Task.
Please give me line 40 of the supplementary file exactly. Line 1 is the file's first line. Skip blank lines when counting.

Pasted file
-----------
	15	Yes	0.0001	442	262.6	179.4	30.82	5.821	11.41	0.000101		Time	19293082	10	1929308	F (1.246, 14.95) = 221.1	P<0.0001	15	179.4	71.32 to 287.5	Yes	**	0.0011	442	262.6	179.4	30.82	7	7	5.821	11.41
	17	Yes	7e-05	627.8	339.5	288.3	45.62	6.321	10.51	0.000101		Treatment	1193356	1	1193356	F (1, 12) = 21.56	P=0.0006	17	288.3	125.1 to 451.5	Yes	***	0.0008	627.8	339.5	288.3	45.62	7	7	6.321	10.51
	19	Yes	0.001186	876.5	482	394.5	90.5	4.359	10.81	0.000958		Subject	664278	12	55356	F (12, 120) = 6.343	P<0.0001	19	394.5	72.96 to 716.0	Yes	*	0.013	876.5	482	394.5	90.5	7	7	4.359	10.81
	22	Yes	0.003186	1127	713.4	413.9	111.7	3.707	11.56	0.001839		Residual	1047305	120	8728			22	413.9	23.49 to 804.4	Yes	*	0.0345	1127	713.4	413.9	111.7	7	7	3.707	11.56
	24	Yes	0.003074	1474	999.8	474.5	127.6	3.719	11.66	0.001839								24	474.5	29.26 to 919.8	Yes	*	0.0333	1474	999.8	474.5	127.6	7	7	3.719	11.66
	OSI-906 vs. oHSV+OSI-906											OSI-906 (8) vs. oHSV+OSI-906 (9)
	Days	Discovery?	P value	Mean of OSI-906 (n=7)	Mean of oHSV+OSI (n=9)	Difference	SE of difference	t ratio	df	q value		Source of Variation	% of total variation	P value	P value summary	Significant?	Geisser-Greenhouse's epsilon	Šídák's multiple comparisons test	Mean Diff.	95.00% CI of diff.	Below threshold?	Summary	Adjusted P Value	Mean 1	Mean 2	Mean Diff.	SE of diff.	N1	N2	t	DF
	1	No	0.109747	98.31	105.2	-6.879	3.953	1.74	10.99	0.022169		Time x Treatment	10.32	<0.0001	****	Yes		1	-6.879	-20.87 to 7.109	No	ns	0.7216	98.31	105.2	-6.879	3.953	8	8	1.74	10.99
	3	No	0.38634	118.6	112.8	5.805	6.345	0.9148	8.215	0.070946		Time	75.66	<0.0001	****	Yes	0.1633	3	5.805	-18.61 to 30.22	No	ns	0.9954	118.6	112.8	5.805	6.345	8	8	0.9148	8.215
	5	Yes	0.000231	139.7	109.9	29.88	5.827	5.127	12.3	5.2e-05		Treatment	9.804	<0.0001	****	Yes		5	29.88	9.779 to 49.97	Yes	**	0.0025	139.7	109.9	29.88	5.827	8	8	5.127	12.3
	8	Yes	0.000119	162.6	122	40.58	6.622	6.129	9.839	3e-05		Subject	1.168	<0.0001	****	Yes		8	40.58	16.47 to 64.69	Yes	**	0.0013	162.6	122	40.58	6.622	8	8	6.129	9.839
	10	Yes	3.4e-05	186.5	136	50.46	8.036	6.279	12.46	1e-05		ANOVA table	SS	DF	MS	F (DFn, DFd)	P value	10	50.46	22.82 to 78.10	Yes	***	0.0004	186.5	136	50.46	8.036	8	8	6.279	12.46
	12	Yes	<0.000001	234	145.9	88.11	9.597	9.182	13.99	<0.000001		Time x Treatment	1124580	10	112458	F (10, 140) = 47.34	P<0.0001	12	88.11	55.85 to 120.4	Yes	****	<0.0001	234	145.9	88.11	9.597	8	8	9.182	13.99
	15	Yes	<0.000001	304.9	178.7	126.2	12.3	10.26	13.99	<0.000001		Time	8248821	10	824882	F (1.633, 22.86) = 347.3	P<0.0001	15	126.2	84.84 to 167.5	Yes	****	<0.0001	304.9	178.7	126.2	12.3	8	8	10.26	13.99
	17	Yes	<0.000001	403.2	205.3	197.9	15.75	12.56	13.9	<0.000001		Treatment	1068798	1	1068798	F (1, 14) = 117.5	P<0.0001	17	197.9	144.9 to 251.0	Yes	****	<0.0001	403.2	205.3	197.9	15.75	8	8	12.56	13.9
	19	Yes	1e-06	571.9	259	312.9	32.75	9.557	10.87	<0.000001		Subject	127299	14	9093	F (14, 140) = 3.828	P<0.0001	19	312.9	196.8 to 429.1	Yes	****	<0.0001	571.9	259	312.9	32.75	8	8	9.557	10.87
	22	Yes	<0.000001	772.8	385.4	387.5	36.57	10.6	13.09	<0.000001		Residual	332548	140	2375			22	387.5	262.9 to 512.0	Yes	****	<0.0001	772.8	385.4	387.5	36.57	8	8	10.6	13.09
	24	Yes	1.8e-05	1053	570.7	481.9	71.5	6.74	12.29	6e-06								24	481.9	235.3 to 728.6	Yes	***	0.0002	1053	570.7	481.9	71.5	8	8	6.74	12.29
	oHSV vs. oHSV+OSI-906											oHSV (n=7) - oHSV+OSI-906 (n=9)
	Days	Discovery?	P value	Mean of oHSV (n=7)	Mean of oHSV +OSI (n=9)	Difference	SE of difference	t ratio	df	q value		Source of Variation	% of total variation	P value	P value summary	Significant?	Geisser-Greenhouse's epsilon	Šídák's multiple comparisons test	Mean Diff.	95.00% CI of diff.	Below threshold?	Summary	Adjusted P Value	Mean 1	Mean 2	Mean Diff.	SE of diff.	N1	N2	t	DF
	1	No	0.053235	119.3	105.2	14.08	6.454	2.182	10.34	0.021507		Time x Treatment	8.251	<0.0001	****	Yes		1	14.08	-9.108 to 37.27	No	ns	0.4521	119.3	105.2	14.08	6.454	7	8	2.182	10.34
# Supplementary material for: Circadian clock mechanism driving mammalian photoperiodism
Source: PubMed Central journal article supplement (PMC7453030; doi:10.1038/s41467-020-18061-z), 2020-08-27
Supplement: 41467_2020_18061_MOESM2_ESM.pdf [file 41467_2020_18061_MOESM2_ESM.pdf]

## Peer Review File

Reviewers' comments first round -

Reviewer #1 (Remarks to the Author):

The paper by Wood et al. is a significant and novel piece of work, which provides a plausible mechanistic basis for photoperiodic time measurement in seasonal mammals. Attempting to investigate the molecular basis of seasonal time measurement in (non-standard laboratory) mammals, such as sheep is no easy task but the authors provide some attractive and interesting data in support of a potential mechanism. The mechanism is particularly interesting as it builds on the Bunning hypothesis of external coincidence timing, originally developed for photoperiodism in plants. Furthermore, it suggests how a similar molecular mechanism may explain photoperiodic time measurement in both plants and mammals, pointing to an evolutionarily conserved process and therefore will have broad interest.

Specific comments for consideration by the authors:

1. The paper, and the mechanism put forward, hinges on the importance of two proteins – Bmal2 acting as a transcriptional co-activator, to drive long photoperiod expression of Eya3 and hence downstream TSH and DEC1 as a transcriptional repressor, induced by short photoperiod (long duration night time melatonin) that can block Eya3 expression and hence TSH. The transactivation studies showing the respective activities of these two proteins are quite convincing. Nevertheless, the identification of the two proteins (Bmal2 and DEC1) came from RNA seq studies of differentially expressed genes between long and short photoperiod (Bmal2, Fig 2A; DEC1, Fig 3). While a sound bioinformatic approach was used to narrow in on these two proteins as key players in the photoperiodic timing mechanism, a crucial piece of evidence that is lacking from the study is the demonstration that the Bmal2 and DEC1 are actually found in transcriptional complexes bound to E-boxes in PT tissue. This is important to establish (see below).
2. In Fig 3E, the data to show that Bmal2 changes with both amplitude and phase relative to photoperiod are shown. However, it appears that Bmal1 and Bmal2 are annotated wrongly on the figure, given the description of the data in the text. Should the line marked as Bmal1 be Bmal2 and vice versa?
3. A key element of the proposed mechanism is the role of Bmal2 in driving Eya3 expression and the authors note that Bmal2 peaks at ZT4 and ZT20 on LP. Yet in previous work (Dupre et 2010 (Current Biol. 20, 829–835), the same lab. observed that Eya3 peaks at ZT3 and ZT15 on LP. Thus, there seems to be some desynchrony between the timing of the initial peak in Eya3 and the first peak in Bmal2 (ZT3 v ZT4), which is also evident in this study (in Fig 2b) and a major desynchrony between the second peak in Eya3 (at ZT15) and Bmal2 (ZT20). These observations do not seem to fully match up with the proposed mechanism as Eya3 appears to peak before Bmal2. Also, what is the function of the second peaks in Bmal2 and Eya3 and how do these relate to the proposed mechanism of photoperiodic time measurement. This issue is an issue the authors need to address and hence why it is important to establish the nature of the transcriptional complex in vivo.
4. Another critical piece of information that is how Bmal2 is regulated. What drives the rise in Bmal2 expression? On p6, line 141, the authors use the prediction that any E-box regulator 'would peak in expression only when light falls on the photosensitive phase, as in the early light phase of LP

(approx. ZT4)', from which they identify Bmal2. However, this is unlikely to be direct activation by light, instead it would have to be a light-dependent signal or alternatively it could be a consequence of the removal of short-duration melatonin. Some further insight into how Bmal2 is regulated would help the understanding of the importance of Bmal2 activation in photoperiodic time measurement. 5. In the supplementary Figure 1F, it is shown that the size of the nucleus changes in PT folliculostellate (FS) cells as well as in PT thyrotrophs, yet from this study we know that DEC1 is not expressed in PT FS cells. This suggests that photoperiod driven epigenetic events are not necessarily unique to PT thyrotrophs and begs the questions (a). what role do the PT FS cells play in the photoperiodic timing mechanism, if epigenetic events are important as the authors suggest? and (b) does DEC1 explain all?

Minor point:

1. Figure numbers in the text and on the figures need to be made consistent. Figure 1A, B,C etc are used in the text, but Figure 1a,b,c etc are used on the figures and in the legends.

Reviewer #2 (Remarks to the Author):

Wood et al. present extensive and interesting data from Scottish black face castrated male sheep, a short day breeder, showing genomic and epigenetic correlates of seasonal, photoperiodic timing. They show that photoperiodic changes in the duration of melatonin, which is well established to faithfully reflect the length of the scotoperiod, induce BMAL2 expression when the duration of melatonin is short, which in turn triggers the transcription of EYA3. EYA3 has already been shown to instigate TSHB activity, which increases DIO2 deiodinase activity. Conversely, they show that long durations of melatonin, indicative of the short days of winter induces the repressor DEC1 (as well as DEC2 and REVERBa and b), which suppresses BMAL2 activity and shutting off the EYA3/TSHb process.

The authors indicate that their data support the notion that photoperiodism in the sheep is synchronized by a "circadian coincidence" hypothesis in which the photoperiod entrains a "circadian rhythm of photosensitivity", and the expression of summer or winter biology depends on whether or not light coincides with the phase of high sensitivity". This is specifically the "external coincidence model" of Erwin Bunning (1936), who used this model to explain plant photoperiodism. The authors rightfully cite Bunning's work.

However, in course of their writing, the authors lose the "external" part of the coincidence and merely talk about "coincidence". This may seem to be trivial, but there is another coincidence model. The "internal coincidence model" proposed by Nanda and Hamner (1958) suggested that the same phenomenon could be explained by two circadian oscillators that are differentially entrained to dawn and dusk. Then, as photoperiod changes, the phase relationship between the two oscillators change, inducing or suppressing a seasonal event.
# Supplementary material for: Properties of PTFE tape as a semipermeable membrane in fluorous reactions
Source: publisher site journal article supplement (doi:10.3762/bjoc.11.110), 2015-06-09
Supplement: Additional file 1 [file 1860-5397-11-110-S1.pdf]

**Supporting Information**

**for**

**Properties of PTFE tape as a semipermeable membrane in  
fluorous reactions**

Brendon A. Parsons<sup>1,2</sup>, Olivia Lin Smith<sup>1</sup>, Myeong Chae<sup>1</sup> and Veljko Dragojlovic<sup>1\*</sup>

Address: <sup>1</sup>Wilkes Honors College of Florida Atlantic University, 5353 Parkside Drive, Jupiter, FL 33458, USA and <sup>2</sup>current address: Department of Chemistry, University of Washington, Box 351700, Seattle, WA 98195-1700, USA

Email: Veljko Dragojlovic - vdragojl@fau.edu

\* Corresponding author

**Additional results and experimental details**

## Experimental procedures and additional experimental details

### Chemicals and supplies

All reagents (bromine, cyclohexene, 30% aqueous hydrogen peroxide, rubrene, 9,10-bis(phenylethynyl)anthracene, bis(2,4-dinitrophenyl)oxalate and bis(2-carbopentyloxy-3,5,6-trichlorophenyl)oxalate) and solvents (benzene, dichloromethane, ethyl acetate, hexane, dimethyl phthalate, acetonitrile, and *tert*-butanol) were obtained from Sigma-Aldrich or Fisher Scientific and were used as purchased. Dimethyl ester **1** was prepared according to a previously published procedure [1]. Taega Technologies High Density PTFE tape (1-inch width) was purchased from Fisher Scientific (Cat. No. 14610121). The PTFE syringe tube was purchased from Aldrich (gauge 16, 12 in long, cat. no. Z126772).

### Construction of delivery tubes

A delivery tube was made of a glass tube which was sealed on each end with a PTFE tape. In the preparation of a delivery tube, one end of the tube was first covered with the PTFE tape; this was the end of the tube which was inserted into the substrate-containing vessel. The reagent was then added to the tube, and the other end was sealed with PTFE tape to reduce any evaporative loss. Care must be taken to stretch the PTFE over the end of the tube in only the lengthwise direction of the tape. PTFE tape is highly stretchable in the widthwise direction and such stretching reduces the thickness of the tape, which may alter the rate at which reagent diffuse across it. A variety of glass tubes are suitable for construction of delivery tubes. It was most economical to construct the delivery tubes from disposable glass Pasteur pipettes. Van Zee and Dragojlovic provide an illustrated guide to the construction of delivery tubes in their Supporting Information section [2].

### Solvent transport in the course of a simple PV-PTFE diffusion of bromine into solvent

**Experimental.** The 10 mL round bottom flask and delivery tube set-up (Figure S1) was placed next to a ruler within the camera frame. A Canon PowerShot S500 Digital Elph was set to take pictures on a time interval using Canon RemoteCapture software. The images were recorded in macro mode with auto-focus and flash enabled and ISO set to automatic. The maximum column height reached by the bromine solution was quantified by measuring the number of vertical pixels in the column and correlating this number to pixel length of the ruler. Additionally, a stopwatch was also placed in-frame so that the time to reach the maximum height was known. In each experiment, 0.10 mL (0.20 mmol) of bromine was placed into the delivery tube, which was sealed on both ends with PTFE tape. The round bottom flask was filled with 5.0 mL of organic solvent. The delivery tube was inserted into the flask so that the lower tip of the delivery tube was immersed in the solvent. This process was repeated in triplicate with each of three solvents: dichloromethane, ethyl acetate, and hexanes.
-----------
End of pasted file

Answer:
However, in course of their writing, the authors lose the "external" part of the coincidence and merely talk about "coincidence". This may seem to be trivial, but there is another coincidence model. The "internal coincidence model" proposed by Nanda and Hamner (1958) suggested that the same phenomenon could be explained by two circadian oscillators that are differentially entrained to dawn and dusk. Then, as photoperiod changes, the phase relationship between the two oscillators change, inducing or suppressing a seasonal event.